David Lake and Donald Rothschild, (eds.) The International Spread of Ethnic Conflict (1998).

Summary: The authors start with the development of three broad approaches to the study of the frequency of ethnic manifestation: 1) the Primordialist approach (ethnic conflict is merely an extension of the ‘natural’ desires of distinct ethnic groups); 2) the instrumentalist approach (which explains ethnicity in terms of competition among ethnic grous to outbid each other and to emerge as the dominant power centre); and, 3) the Constructivist approach (which looks to the variable role of social interactions and the resulting change in the construction of ethnicity at the levels of clan, religion, region or nationalist grouping.)  The second major thrust of the project is to articulate the conception of diffusion  of ethnic conflict between and among the states.  The authors note that the political setup in one country can very easily spread to another country with similar political approaches. Diffusion can occur in four ways:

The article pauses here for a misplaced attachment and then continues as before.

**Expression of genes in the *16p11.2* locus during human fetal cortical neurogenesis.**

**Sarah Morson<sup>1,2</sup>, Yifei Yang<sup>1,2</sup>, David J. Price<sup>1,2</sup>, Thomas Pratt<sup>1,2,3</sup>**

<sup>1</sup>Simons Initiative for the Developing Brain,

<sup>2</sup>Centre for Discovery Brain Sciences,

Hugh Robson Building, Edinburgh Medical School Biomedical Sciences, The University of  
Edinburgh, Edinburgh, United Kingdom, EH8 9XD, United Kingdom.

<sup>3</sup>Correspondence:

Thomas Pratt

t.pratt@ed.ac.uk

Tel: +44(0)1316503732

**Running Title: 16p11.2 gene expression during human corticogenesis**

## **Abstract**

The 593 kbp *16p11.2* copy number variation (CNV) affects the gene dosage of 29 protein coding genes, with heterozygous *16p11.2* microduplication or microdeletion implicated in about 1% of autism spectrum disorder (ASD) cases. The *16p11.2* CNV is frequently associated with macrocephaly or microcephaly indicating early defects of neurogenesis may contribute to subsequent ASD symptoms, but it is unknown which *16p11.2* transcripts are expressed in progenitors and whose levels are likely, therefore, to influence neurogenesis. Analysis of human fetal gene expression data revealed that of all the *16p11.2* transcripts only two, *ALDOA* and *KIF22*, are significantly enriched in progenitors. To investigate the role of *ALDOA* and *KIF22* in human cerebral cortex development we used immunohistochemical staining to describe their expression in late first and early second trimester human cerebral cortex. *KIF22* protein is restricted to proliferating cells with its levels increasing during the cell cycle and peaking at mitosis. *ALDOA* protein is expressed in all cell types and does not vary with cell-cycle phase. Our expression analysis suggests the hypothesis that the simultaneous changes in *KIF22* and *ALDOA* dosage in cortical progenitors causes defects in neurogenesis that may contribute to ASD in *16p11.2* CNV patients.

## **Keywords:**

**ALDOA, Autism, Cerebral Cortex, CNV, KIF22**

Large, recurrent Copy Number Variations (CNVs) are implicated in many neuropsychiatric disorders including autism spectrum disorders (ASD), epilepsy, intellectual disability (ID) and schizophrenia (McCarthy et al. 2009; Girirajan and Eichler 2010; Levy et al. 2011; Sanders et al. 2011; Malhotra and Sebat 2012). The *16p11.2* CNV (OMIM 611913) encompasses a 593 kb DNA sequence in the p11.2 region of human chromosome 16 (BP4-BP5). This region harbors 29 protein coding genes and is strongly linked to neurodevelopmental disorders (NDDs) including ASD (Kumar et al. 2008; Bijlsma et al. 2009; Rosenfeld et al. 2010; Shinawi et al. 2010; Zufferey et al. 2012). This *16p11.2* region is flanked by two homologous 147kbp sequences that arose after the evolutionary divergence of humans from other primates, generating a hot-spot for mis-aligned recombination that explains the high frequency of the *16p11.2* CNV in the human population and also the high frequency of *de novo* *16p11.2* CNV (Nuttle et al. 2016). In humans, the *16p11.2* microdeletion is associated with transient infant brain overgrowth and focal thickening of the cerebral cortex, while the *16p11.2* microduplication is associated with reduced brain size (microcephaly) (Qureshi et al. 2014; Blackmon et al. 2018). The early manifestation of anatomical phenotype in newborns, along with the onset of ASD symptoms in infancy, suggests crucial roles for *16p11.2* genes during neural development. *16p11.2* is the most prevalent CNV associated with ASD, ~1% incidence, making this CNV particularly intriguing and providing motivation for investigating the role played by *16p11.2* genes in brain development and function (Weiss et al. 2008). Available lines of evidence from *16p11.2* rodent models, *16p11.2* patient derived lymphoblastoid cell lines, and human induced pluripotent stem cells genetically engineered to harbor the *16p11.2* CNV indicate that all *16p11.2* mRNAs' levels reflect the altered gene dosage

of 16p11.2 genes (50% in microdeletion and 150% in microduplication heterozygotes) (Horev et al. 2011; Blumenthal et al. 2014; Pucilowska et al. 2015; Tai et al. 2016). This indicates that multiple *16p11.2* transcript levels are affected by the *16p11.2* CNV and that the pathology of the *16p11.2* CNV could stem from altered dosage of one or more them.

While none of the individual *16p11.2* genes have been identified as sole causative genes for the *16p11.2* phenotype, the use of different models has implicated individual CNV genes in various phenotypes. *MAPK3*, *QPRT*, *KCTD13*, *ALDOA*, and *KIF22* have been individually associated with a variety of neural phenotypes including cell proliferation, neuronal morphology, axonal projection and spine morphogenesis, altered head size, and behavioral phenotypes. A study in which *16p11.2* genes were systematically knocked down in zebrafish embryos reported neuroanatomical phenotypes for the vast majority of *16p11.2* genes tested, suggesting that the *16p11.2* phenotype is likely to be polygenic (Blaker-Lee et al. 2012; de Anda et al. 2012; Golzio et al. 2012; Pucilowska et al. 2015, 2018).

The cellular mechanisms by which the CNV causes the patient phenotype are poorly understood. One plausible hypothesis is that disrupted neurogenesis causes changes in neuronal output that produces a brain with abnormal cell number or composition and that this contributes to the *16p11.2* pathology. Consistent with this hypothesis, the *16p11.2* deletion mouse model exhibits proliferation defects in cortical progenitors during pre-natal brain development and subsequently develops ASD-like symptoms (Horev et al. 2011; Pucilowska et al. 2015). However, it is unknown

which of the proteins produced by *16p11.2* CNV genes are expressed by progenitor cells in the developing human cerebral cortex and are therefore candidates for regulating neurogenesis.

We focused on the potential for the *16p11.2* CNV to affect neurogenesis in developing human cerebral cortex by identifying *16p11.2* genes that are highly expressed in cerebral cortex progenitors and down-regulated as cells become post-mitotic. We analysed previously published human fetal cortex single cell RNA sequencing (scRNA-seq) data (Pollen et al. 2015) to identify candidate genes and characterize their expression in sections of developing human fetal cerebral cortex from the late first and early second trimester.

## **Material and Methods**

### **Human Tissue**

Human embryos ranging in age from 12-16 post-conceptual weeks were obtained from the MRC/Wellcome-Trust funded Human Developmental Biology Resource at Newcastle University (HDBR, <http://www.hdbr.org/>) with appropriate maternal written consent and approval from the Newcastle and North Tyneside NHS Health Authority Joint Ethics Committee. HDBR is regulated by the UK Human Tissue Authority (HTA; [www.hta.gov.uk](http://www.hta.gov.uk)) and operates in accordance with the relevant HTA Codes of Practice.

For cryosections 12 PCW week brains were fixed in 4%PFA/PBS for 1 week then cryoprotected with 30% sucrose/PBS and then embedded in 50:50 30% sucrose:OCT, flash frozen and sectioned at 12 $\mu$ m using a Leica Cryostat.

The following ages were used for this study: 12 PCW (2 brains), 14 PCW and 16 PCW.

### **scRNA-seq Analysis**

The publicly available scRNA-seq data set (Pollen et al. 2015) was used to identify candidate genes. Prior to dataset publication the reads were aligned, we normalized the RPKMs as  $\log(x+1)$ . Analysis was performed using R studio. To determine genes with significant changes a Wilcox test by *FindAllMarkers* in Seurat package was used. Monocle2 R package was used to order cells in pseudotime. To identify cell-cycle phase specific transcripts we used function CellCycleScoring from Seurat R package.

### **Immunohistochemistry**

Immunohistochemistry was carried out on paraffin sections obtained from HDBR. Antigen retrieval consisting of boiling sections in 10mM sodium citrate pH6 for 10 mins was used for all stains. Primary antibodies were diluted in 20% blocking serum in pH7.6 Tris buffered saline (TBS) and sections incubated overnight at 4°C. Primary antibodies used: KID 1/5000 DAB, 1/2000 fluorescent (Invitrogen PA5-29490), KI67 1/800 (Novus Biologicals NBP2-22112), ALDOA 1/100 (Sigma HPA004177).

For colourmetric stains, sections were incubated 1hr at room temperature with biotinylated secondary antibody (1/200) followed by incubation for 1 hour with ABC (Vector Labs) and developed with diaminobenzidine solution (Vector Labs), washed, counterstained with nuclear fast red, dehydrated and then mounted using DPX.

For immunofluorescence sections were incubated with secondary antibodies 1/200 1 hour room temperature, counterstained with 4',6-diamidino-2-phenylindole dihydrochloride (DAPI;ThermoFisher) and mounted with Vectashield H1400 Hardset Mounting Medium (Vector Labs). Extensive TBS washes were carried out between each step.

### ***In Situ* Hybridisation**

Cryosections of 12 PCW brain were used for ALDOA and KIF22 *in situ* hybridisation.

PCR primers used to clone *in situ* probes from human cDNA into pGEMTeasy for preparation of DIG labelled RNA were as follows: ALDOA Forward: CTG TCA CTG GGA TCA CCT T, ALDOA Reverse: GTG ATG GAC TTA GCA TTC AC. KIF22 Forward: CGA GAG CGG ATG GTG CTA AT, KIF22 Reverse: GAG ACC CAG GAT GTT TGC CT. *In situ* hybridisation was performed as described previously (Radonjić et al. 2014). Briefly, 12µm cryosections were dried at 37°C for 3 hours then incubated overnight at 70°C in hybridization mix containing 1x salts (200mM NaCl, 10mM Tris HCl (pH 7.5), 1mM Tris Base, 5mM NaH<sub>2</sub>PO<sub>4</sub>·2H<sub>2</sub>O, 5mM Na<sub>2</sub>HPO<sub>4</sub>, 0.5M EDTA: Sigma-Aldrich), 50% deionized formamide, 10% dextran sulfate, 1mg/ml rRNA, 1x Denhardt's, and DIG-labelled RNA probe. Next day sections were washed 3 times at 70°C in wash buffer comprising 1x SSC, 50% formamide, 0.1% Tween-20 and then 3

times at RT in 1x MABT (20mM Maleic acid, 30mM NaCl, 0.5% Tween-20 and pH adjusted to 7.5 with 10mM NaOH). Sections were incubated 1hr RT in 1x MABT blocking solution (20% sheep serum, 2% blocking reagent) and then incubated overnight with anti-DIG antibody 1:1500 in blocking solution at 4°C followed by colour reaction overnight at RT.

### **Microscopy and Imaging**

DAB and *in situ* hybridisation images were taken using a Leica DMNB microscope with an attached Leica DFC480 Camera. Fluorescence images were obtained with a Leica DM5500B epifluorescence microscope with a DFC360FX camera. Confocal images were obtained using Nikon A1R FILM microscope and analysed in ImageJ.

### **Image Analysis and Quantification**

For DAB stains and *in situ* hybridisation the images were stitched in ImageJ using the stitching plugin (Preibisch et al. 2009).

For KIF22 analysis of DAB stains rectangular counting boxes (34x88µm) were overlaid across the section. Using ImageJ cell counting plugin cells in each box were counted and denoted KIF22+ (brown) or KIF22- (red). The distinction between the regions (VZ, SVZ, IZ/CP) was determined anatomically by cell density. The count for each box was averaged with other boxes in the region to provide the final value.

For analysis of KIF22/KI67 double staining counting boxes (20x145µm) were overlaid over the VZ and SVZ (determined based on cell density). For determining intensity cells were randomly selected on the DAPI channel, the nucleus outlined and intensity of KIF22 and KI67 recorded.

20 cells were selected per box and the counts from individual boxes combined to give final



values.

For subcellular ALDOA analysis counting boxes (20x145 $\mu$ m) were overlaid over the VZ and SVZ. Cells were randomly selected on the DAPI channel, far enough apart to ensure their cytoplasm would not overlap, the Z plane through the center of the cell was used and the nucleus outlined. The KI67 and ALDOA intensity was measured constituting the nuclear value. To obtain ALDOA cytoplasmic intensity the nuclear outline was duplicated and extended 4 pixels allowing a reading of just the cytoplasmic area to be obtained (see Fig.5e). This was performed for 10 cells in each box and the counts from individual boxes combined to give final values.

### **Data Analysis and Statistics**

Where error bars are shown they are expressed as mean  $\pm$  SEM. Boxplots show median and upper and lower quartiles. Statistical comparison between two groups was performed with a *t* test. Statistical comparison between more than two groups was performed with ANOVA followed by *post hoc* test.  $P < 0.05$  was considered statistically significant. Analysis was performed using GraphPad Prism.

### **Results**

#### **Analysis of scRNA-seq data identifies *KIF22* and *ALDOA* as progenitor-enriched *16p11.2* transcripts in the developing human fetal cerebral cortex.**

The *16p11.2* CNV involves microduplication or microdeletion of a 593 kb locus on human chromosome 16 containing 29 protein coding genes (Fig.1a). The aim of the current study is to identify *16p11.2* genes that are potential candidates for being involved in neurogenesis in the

* 1) Events such as the sudden flow of refugees to an adjoining state or even outside of it may change the ethnic composition precipitating social turbulence.

* 2) Ongoing ethnic conflict in one state leading towards ethnic mobilization and solidarity in terms of consolidation of ethnic gains may have ‘demonstration effects’ for competing ethnic groups in other states to raise their profile and in their set of demands.

* 3) Ethnic conflict abroad may lead groups to update their beliefs about the efficacy of the political safeguards contained in their existing ethnic contracts

* 4) Ethnic conflict in one state and its probable success/failure and the commitment of outside powers to contain it may have significant impact on other states to re-evaluate their political strategy in order to maximize their advantage and leverage.

The authors also prescribe solutions for the management of ethnic conflict – most notably the notion of power sharing arrangements (this links in well with the parties literature)

 

Important Insight: The concept of diffusion, and how ethnic conflict in one state can spread to others is key